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I tried to make dog biscuits with my spent grains, but it was not a big success ;-) I read that we could make more beer reusing the grain again. I liked the idea of making a lighter version of the beer this way.

If I make an all grain stout, what can I expect to be able to do by reusing the grain?

1- Can I only add some more 2-row to a new mash to raise the OG, letting the flavor and color coming from the crystal and chocolat malt that was already mashed once? I believe I would get something close to an amber beer.
2- Or is it possible to just batch sparge again and start from there?

Anyone has tried this?

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    Since I don't have a full answer for your question (not sure about 1.) Here is a link to this technique called "parti-gyle". I've done a porter and light brown, but honestly only porter ended up being good. – rondonctba Jul 11 '17 at 4:14
  • @rondonctba: That's possibly because the different worts from the parti-gyle are normally not used as is, but combined with each other to obtain different strength beers. – chthon Jul 11 '17 at 11:37
  • @chthon Well, I've seen both "use cases", but yeah maybe I did not fully understand the technique. – rondonctba Jul 11 '17 at 13:34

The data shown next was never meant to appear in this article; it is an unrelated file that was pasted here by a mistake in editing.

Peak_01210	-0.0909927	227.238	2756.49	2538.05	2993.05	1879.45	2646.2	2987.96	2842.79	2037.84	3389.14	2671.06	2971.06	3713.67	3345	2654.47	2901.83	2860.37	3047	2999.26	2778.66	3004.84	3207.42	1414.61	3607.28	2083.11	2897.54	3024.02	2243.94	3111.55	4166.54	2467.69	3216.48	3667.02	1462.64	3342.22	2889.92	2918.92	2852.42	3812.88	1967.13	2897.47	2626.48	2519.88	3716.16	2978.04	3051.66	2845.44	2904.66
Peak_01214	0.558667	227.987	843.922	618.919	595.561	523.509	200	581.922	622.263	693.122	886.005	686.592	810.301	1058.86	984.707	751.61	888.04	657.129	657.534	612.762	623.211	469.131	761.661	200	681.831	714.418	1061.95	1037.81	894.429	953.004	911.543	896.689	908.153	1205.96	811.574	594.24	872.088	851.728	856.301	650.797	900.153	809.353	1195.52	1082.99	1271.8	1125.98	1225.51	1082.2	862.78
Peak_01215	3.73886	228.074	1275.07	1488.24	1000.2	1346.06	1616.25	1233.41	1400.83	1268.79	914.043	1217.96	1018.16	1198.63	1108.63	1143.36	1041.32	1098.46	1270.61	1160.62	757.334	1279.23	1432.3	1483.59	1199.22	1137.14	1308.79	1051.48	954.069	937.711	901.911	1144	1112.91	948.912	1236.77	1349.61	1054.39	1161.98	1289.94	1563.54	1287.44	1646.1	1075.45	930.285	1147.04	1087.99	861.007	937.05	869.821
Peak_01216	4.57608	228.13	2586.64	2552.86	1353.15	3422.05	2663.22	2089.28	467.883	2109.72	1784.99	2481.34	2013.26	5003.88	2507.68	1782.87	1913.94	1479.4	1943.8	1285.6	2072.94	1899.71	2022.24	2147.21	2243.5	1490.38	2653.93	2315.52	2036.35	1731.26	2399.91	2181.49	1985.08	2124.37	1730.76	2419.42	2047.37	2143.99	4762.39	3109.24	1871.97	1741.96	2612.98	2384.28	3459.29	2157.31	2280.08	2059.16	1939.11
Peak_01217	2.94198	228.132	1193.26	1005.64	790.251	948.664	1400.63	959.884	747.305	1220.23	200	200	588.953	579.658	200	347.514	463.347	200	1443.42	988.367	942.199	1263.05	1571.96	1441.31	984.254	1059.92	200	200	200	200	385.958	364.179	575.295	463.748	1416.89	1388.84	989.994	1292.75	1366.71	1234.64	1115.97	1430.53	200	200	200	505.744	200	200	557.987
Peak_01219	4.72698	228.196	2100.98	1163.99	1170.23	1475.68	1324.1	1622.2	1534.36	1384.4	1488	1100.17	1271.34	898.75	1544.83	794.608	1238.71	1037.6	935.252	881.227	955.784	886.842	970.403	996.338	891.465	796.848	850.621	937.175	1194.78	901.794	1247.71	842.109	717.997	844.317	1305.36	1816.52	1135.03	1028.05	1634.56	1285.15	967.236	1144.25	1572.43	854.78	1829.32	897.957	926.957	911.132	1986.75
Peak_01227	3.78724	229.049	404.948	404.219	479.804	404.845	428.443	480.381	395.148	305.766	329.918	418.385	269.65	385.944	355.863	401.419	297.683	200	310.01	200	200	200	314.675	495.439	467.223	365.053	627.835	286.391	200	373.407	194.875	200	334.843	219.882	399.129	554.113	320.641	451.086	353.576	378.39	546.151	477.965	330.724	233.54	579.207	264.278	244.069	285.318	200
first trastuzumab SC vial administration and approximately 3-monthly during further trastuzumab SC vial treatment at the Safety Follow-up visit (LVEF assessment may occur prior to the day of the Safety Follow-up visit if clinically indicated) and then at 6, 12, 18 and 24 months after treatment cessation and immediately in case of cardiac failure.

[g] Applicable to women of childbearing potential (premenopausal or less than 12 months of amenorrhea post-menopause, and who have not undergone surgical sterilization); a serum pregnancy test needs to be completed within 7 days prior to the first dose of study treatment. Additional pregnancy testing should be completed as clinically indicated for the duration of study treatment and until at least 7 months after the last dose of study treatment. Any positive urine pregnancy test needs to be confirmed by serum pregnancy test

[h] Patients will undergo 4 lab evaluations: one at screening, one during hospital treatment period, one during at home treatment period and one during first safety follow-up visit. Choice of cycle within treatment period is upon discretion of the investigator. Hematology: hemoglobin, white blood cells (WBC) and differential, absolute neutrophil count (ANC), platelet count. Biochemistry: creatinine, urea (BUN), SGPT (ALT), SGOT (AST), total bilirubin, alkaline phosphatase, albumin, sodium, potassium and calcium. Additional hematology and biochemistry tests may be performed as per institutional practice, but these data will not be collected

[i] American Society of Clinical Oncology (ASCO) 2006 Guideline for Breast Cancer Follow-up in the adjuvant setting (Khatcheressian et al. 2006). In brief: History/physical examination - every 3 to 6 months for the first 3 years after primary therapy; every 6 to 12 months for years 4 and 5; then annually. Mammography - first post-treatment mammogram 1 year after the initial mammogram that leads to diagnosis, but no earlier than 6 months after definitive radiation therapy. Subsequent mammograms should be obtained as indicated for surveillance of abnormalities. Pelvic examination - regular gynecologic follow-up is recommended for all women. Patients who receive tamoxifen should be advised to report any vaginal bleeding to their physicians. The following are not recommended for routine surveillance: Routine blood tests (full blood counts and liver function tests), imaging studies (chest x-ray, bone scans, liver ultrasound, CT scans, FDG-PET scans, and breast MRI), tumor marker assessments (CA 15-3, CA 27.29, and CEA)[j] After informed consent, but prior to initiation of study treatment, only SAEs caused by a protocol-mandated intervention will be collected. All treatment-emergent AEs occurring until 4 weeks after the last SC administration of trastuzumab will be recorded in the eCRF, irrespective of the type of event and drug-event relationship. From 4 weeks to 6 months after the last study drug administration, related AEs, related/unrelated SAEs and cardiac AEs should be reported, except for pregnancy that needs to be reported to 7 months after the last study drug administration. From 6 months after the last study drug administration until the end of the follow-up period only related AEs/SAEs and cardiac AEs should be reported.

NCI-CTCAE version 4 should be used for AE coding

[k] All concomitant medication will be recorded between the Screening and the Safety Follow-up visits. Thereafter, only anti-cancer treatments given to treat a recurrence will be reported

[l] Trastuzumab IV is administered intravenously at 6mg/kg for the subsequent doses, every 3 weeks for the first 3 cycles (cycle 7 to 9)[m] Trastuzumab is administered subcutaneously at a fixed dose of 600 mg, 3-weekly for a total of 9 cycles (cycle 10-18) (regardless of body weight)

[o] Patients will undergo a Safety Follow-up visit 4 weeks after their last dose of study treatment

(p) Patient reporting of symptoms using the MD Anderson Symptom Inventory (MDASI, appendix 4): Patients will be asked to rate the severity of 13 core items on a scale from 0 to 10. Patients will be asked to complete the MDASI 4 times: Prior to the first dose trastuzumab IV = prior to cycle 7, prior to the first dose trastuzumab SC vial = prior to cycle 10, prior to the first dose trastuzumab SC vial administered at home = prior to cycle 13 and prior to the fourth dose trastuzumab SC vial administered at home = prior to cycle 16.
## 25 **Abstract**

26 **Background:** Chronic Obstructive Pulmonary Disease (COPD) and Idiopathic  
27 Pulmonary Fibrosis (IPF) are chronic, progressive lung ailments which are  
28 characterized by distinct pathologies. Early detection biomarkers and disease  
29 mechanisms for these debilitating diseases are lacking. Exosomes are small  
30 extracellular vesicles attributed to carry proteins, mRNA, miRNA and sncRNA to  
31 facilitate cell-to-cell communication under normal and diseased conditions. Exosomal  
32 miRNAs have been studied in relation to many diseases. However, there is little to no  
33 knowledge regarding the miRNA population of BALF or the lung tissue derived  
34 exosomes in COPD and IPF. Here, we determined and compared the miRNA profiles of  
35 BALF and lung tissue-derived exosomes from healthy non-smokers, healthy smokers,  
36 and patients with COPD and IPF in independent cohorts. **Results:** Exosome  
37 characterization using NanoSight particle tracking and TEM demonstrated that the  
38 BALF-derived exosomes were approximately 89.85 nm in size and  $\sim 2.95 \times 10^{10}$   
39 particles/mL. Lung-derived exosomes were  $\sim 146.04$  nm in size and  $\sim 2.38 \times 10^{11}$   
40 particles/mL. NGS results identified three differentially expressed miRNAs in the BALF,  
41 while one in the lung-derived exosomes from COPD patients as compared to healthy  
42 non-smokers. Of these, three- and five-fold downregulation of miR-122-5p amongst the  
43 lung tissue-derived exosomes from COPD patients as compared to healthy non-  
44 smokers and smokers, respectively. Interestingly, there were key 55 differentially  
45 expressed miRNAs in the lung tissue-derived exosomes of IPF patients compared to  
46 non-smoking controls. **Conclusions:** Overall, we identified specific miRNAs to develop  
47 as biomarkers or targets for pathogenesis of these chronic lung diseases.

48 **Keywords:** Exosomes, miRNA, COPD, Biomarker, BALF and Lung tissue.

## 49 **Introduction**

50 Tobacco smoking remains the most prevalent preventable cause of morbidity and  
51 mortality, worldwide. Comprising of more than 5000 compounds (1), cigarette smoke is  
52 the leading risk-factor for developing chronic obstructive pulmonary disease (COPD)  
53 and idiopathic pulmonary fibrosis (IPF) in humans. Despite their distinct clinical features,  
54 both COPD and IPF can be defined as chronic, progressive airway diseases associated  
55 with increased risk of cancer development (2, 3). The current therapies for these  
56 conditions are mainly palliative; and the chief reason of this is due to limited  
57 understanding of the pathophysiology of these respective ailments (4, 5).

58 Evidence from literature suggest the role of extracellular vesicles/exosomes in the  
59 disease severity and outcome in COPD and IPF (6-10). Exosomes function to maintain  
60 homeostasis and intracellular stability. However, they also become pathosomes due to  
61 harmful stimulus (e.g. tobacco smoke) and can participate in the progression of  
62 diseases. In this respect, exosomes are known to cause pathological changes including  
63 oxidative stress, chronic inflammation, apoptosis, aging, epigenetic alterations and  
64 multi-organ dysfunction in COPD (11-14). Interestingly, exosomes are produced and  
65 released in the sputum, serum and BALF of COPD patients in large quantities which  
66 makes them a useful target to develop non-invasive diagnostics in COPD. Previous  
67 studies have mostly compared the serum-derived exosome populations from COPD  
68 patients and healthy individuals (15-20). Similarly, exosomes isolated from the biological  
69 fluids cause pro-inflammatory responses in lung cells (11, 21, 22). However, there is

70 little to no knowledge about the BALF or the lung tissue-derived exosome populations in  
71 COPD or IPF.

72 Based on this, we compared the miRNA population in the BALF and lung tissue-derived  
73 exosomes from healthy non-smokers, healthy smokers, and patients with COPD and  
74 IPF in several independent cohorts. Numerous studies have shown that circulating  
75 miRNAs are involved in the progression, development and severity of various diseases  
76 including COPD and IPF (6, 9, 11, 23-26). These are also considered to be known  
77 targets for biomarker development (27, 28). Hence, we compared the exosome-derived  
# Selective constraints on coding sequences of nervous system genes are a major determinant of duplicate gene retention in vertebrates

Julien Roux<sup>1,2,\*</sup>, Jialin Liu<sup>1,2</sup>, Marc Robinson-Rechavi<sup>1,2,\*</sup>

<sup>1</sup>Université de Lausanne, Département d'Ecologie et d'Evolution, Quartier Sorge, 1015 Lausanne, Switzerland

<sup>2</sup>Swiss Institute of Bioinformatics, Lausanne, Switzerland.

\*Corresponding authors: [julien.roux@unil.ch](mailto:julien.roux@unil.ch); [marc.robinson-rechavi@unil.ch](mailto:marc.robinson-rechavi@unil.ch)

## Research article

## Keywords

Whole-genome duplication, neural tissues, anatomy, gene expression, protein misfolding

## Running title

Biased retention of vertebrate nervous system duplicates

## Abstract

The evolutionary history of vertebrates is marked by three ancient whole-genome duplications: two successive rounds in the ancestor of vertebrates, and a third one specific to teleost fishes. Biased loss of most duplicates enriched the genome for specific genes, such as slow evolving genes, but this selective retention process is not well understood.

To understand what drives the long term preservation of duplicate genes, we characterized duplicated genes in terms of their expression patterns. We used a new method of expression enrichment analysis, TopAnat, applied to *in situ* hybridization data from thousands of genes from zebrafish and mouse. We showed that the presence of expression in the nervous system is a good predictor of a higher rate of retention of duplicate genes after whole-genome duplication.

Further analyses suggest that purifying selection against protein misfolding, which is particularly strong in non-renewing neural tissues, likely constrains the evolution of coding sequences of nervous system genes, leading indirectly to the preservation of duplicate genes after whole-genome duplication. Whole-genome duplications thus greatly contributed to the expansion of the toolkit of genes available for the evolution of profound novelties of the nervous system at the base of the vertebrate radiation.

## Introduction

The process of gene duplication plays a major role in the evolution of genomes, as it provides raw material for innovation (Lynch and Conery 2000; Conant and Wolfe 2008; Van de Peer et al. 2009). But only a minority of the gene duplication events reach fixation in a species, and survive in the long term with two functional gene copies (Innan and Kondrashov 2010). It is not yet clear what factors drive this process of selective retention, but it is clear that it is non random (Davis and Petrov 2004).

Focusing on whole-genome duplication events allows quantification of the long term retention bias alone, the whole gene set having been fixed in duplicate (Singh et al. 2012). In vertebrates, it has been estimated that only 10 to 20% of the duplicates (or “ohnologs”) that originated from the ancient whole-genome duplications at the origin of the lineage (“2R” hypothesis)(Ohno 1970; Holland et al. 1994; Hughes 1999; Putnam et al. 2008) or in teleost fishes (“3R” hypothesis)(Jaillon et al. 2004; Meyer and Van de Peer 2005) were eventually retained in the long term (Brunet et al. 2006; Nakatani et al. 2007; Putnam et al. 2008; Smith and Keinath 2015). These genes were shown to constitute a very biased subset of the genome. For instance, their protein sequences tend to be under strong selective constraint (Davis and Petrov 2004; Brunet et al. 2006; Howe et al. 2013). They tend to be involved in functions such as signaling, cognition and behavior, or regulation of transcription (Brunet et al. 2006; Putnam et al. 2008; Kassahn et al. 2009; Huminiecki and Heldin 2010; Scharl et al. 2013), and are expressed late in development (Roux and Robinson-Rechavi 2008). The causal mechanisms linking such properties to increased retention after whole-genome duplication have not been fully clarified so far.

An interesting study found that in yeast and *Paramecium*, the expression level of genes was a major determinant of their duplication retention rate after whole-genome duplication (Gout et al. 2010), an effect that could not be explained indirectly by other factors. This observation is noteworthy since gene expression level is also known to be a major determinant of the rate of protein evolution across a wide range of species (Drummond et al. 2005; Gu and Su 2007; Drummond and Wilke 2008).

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I use second runnings / Parti-Gyle as often as I can. But as my primary mash efficiency rises theres less and less usefulness in the parti-gyle. As for me using the grains, it's compost or given away for chicken feed.

If your mash efficiency is still below 85% there's still plenty use in the parti-gyle.

I could usually get 5 gallons of 1.025-1.030 parti-gyle wort from a 12 gallon high gravity primary brew mash.

How to:

Slow Fly sparge for primary keeping mash water 1inch above grain. When primary beer is done sparging, stop the fly, stir and let the parti-gyle rest. When done with your primary boil, then batch sparge the parti-gyle wort.

Uses: Anything bellow 1.020 isn't very useful by its self. Most uses require adding a little DME, grain steep or sugar to bump it to the range you want.

Parti-gyle wort is low gravity and has many historical style uses like scottish-60.

It's great for starter wort. I boil and adjust to 1.040, Then refrigerate and strore in 1 gallon jugs.

It's great for malted ciders /light graffs, I find it even eliminates need to backsweeten. Especially if you steep in malts.

Tips

Don't mash out instead keep sparge around 154°, if you intend to allow the second mash to rest.

Adding a little more grain to second mash helps kick start a second conversion rest.

Add adjuncts to boost gravity.

Boil down to increase gravity. Usually pretty easy to get a fast violent boil since its usually 1/2 your normal volume.

Press the grains as the parti-gyle volaufs. I use a potato masher, works pretty well.


All in all how useful your parti-gyle is depends on a lot of factors and what its used for. I've only touched on the processes and uses as an overview.

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    I 2nd EZs comments. I do the same – RAReed Jul 11 '17 at 15:30